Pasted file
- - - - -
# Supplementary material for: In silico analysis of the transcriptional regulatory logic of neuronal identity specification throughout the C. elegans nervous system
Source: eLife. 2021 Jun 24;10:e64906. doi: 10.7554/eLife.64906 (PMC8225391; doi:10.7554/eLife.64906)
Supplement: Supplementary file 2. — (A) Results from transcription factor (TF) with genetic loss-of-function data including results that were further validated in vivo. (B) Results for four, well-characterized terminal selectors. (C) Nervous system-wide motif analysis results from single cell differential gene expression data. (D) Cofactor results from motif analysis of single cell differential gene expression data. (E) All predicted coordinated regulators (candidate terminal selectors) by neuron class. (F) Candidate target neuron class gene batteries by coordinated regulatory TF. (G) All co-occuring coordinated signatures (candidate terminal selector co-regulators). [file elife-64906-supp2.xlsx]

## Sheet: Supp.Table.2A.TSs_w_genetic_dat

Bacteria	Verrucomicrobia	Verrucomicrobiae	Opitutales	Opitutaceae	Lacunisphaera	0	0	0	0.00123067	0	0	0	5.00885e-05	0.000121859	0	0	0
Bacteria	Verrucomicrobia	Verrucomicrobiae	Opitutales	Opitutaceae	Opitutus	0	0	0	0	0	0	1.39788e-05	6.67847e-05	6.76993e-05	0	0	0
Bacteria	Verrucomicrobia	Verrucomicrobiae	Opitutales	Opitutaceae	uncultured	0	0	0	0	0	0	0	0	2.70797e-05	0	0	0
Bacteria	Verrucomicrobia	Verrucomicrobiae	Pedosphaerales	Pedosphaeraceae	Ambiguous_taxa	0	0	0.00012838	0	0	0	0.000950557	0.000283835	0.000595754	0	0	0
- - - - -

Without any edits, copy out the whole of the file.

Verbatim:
# Supplementary material for: In silico analysis of the transcriptional regulatory logic of neuronal identity specification throughout the C. elegans nervous system
Source: eLife. 2021 Jun 24;10:e64906. doi: 10.7554/eLife.64906 (PMC8225391; doi:10.7554/eLife.64906)
Supplement: Supplementary file 2. — (A) Results from transcription factor (TF) with genetic loss-of-function data including results that were further validated in vivo. (B) Results for four, well-characterized terminal selectors. (C) Nervous system-wide motif analysis results from single cell differential gene expression data. (D) Cofactor results from motif analysis of single cell differential gene expression data. (E) All predicted coordinated regulators (candidate terminal selectors) by neuron class. (F) Candidate target neuron class gene batteries by coordinated regulatory TF. (G) All co-occuring coordinated signatures (candidate terminal selector co-regulators). [file elife-64906-supp2.xlsx]

## Sheet: Supp.Table.2A.TSs_w_genetic_dat

Bacteria	Verrucomicrobia	Verrucomicrobiae	Opitutales	Opitutaceae	Lacunisphaera	0	0	0	0.00123067	0	0	0	5.00885e-05	0.000121859	0	0	0
Bacteria	Verrucomicrobia	Verrucomicrobiae	Opitutales	Opitutaceae	Opitutus	0	0	0	0	0	0	1.39788e-05	6.67847e-05	6.76993e-05	0	0	0
Bacteria	Verrucomicrobia	Verrucomicrobiae	Opitutales	Opitutaceae	uncultured	0	0	0	0	0	0	0	0	2.70797e-05	0	0	0
Bacteria	Verrucomicrobia	Verrucomicrobiae	Pedosphaerales	Pedosphaeraceae	Ambiguous_taxa	0	0	0.00012838	0	0	0	0.000950557	0.000283835	0.000595754	0	0	0